Hmmm. . . are children an accomplishment? I always heard that they’re a blessing. My three kids are beautiful people with good hearts and compassion for others and I feel like that ranks way up there with things I’m proud of. My marriage of 22 years – well, Tom probably ought to consider staying with me his greatest achievement, because I know he’s the one who’s put up with me and my crazy dream of writing through a lot of tight times. We’ve stayed together this long because when we fight, even if it’s my fault, he comes and works at patching things up. I’m a fairly stubborn person, which can be good in some instances and not so much in others. Here’s a writing accomplishment I recently heard about: I’ll Be Home for Christmas was named one of the top Publishers’ Picks in Fall 2010 fiction by CBA Retailers + Resources magazine.

9. If you were an animal, which one would you be, and why?

I guess I’d be a cat. Surly sometimes when I don’t want to be messed with, a bit finicky, like to nap in the sun. In fact, I was just editing an old manuscript and found this: “I’m envious of Mrs. Mittens because I want to curl up in a contented ball in the sun with my eyes at half-mast, in total bliss.” This character, a little girl, has just heard her parents fighting in the kitchen.

10. What is your favorite food?

Right now it’s a big hot cinnamon bun dripping with cream cheese frosting, and a side of buttery grits and bacon. But sometimes it’s fried shrimp and baked potatoes and slaw, and sometimes it’s a big juicy hamburger with golden fried onion rings. Often it’s something from childhood, like Mom’s pecan pies at Thanksgiving, or the shish-kebobs my Dad made for our summertime grill-outs.

11. What is the problem with writing that was your greatest roadblock, and how did you overcome it?

I guess that would be my battle with LALIAPHOBIA. Laliaphobia is the fear of public speaking and I had no idea an author had to go around speaking to groups of people. I thought writers stayed in their private caves, creating stories and well, creating more. Then my first publisher sent me an email about numerous public appearances I was to do when Truelove & Homegrown Tomatoes hit the book shelves. I was mortified. Paralyzed. I’m sure you’ve heard the saying that ‘Public speaking is the number one fear; folks would rather be in the coffin that delivering the eulogy.’ Well, I overcame this crippling affliction with two PRA words: Practice and Prayer . I prayed, constantly, and I also took a class on public speaking, and the advice there was to do it over and over and over and over until you felt confident. There were other tips, too, and after about a hundred appearances, I’m fairly confident up on a stage with hundreds of eyeballs zooming in on me. I get paid money to entertain now. Now, that’s a true miracle.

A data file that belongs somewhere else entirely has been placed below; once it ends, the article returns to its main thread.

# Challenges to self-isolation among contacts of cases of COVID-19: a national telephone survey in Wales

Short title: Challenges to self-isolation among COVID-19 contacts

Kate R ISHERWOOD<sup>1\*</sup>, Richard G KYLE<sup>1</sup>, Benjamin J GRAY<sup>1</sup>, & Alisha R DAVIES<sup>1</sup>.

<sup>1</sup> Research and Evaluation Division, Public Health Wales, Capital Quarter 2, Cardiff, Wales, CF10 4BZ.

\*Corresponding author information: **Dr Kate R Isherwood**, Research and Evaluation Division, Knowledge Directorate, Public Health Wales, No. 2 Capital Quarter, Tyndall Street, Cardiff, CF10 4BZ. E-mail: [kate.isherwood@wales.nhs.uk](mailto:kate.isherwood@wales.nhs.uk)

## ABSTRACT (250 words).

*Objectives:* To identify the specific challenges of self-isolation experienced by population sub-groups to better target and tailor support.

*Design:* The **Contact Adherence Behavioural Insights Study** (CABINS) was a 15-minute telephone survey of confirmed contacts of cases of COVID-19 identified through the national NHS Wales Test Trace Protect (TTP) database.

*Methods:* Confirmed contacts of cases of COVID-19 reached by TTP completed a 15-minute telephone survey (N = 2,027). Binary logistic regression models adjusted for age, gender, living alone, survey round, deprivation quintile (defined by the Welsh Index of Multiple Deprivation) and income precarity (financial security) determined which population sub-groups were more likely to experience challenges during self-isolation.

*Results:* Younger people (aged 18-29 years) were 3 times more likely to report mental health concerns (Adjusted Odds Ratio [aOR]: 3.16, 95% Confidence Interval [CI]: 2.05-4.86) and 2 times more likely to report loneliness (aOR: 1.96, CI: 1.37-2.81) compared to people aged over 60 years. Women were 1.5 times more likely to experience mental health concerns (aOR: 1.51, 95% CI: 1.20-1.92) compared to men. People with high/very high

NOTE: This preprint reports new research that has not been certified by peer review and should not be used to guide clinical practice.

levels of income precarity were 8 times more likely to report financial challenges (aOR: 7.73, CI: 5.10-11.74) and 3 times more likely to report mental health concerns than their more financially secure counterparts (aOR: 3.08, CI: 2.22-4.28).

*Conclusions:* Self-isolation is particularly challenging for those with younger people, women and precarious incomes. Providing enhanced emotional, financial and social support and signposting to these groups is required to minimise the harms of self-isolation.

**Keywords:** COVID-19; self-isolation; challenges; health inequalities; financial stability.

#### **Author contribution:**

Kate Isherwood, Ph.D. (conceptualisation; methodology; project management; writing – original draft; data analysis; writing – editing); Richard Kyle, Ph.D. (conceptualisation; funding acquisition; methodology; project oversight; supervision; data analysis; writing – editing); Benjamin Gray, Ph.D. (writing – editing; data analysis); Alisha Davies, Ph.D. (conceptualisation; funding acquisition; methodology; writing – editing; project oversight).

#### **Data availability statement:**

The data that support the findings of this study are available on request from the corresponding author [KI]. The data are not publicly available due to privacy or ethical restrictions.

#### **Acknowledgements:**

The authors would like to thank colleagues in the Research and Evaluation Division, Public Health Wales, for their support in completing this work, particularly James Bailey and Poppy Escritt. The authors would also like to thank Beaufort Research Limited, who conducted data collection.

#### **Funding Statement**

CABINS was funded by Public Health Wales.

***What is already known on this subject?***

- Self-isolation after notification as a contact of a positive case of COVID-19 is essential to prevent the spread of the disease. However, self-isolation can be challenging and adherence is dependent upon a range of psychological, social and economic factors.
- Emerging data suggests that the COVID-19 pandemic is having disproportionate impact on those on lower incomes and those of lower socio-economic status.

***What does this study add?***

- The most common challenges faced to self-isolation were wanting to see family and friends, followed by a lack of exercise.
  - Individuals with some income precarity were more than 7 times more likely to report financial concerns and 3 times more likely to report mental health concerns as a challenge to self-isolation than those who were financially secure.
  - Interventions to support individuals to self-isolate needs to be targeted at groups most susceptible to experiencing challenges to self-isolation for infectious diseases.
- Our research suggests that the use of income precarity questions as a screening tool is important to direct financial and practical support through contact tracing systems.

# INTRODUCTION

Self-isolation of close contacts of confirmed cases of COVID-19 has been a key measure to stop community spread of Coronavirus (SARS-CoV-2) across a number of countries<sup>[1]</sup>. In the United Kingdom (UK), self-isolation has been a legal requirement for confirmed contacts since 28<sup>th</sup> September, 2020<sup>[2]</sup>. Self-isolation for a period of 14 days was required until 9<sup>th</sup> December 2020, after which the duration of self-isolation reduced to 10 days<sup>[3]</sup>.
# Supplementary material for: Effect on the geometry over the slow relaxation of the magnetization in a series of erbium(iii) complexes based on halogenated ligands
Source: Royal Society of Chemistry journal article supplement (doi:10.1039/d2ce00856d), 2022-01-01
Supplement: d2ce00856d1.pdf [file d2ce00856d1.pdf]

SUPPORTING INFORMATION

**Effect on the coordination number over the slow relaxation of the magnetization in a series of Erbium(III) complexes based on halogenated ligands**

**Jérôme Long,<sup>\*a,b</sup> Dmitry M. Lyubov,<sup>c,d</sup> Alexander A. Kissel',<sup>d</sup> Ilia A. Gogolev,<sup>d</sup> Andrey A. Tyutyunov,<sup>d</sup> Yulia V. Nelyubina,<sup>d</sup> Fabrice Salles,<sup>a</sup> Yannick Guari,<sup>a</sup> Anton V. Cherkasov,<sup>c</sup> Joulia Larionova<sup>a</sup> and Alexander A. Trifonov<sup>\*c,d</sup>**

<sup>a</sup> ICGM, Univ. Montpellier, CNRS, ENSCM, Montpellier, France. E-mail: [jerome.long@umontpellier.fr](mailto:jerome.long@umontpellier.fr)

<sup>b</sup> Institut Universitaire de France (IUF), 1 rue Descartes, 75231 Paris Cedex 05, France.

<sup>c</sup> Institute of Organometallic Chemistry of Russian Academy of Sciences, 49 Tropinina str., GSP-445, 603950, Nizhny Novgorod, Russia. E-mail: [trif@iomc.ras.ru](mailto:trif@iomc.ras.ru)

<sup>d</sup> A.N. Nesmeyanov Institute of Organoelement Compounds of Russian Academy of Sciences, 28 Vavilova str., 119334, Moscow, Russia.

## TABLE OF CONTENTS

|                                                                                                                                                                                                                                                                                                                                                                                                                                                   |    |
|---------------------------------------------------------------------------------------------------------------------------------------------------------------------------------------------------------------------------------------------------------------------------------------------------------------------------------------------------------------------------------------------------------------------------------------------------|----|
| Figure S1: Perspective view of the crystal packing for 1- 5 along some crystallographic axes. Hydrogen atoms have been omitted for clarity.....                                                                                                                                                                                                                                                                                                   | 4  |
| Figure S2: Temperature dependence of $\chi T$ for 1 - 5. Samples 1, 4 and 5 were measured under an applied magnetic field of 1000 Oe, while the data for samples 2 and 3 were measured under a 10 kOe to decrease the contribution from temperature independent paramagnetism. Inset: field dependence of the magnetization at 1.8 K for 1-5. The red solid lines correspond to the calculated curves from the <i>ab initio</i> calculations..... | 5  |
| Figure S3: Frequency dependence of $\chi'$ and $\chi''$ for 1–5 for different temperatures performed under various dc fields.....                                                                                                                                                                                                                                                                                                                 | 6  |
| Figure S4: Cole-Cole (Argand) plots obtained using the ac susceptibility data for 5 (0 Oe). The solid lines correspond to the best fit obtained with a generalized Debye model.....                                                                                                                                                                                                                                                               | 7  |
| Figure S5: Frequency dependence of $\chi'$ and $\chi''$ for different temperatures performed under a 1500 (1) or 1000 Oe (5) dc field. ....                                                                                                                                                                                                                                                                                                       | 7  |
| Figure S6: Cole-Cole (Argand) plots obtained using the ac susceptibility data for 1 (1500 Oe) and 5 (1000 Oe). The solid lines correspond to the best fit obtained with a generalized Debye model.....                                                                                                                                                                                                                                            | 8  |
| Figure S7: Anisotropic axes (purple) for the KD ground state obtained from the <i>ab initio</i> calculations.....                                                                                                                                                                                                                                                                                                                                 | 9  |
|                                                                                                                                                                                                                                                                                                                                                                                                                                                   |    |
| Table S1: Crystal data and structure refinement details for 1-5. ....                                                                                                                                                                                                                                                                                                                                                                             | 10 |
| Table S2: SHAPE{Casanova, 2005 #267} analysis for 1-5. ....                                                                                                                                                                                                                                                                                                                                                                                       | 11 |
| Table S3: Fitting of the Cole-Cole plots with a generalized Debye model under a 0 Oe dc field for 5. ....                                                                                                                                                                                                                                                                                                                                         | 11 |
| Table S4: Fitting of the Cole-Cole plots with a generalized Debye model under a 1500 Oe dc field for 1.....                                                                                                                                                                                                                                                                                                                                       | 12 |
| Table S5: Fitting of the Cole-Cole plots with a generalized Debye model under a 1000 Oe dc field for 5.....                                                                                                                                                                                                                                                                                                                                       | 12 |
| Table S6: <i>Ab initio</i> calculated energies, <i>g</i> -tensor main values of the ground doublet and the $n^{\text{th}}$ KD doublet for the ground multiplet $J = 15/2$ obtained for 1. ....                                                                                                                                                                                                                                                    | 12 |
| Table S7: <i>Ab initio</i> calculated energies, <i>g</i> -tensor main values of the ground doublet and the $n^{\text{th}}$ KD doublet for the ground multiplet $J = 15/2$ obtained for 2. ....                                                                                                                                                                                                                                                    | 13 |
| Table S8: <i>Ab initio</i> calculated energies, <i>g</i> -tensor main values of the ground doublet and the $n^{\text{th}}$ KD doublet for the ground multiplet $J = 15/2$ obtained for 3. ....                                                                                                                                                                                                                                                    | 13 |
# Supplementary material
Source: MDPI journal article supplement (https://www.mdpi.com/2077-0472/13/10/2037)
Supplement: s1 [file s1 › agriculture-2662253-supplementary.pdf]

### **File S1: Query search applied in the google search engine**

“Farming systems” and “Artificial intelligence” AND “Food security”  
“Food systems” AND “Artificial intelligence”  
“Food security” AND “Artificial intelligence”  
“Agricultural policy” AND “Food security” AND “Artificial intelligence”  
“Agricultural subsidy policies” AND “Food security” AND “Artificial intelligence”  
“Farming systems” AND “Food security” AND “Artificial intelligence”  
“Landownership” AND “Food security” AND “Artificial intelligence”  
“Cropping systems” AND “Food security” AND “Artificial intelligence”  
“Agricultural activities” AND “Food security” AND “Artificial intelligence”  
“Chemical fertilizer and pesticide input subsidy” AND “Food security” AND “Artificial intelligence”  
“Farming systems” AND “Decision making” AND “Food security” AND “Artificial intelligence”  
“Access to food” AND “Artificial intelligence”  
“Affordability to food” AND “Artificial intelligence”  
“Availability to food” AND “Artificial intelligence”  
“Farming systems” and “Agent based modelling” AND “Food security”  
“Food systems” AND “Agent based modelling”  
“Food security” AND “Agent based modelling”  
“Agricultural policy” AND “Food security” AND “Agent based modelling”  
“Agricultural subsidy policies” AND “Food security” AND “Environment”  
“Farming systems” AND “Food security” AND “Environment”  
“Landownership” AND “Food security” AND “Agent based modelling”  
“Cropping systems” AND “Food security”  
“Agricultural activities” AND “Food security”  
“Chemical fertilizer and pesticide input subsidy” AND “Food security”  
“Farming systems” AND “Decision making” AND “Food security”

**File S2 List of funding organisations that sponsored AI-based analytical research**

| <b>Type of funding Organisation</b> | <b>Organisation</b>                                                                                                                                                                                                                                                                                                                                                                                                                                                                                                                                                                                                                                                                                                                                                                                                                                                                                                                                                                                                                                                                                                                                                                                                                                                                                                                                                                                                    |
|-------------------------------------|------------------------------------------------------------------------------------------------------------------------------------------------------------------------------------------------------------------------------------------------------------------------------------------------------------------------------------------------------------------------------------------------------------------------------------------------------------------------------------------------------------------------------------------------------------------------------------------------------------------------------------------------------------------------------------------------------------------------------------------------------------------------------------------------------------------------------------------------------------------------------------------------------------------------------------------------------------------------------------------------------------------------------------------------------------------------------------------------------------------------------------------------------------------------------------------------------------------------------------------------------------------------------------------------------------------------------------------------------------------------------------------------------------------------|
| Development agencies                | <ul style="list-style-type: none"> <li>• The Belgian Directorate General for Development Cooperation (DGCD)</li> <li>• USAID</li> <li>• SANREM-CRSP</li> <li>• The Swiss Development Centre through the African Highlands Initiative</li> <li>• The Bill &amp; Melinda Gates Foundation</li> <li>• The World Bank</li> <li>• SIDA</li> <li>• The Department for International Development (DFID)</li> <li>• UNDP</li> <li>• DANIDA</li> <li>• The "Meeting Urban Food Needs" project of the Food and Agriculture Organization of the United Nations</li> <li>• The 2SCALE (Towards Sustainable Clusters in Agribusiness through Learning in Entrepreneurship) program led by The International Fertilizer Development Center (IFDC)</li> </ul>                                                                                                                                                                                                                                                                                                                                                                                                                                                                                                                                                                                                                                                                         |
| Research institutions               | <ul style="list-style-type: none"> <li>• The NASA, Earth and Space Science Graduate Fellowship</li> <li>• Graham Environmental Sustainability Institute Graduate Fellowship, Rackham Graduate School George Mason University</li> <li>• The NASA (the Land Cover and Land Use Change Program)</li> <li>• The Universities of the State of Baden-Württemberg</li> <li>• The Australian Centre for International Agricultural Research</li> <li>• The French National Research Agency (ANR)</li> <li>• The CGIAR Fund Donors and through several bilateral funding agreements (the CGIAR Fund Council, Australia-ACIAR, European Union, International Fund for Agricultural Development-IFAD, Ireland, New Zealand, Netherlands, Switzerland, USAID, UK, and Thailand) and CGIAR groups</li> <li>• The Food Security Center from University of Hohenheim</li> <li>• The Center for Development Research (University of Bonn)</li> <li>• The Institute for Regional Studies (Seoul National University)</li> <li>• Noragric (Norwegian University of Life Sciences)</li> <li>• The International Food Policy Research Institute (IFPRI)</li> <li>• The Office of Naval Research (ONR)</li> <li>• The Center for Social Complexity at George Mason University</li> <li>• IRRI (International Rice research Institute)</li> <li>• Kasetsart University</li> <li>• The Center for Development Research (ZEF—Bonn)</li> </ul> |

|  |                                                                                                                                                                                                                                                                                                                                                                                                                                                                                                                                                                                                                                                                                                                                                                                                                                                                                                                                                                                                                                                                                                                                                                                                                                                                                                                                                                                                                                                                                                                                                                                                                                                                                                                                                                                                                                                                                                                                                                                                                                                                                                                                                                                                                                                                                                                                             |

12. What advice would you give to an author just starting out?

Get how-to books and study them (I still do that constantly). Go take classes at various writers’ conferences. Join a writers’ group for support and critique (I’m a member of ACFW). Keep a journal, because that makes a person very conscious and you’ll really treasure it as you look for fodder to write about, and later as you look back at what you were going through in your life, it makes for interesting reading. Maybe most importantly – read, read, read, read.